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Wednesday, December 8, 2010

Residents air concerns as quarry company seeks expansion

Posted by on Wed, Dec 8, 2010 at 4:18 PM

RALEIGH— Neighbors peppered Hanson Aggregates Southeast officials with questions Tuesday night at an information session on the company’s plans to expand its Crabtree Quarry operation.

The crowd packed the Glen Eden Community Center parking lot and overflowed from the room with brooms being used to prop open back and side doors to get a view of Hanson’s presentation.

Residents worried about the noise, the vibrations, the view and their property value. They reminded Hanson that the their current quarry, which was built in the 1940s, is now surrounded by neighborhoods.

Hanson Aggregates Southeast is hoping to expand their operation at Crabtree Quarry.
Gray Styers, the attorney representing Hanson, attempted to quell fears by explaining that the group wants to purchase 100 acres to the west to sure up a “long-term resource for us to quarry,” not to ramp up the pace and scale of blasting.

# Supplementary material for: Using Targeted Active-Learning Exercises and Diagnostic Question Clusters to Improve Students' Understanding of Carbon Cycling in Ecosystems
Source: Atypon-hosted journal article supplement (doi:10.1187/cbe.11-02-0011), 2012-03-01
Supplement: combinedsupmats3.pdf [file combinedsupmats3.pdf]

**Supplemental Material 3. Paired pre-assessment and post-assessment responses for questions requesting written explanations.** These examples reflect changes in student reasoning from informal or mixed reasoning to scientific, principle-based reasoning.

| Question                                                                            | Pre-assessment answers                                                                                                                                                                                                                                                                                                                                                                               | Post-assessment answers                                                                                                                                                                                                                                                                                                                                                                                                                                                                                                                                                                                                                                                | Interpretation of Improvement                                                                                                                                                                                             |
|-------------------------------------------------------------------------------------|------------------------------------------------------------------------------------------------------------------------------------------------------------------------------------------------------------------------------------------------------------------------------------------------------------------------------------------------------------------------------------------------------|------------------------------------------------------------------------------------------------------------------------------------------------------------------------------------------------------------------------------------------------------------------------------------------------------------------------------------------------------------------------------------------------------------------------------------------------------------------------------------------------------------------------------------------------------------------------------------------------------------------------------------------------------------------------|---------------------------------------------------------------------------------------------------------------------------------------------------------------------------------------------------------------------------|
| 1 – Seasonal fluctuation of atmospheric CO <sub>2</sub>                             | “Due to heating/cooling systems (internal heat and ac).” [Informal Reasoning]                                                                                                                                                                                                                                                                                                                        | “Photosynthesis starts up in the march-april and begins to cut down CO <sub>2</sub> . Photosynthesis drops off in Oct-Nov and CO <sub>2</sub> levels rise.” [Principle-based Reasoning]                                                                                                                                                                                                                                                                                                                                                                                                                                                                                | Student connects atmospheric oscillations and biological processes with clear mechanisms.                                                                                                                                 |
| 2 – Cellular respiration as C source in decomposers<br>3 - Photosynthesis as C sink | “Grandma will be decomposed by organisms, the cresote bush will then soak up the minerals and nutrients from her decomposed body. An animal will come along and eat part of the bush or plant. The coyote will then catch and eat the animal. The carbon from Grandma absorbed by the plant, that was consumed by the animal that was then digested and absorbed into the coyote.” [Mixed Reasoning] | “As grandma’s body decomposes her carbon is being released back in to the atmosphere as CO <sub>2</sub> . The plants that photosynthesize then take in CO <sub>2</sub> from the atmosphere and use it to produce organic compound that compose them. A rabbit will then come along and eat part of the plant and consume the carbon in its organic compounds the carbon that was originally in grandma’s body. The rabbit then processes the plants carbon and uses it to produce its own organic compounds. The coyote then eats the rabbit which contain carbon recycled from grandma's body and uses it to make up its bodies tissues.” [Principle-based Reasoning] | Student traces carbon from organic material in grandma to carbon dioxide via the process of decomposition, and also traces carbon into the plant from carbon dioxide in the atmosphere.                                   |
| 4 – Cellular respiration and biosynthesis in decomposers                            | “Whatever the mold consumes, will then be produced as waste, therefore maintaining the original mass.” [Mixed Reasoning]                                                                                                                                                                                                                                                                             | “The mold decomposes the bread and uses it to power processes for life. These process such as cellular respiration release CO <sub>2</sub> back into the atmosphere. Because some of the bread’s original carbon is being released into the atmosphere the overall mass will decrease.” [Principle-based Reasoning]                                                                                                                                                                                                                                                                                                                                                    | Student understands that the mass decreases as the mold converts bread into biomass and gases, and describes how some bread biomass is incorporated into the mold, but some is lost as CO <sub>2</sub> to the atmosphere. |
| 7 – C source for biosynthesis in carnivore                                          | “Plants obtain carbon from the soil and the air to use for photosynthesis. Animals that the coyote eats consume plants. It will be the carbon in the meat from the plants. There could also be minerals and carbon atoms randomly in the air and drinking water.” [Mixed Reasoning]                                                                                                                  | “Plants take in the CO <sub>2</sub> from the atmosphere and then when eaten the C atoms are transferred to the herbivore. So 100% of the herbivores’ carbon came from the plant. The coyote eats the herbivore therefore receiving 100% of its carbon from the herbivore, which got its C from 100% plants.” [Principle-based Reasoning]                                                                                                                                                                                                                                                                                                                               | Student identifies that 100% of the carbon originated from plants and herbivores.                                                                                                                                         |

“The amount of activity for the quarry area does not change by the quarry size,” Styers explained. “It’s a function of demand.”

Blasts now occur once every two weeks. The current quarry, located between Duraleigh and Ebenezer Church roads has two decades of life remaining, Hanson officials estimate.

The group has the option to purchase 100 acres of property once slated for the Hamptons at Umstead Development. The move, if the City of Raleigh approves a rezoning request, would occur in about three years, General Manager Chris Ward said.

Though several residents voiced disappointment and raised concerns, one said that the quarry has been a good neighbor and that they would rather have a quarry operation there than more houses.

That neighbor was definitely in the minority, though. Hanson has hired FiberTech Vibra-Tech, which next week will test the impact of blasting at the new site.

Though the data might assuage some concerns, as one homeowner noted, “people buy houses on perception, not on scientific data.”

She called for a study of the impact on real estate value.

You can find an in-depth story on Hanson’s rezoning permit application here and in this week’s print edition.

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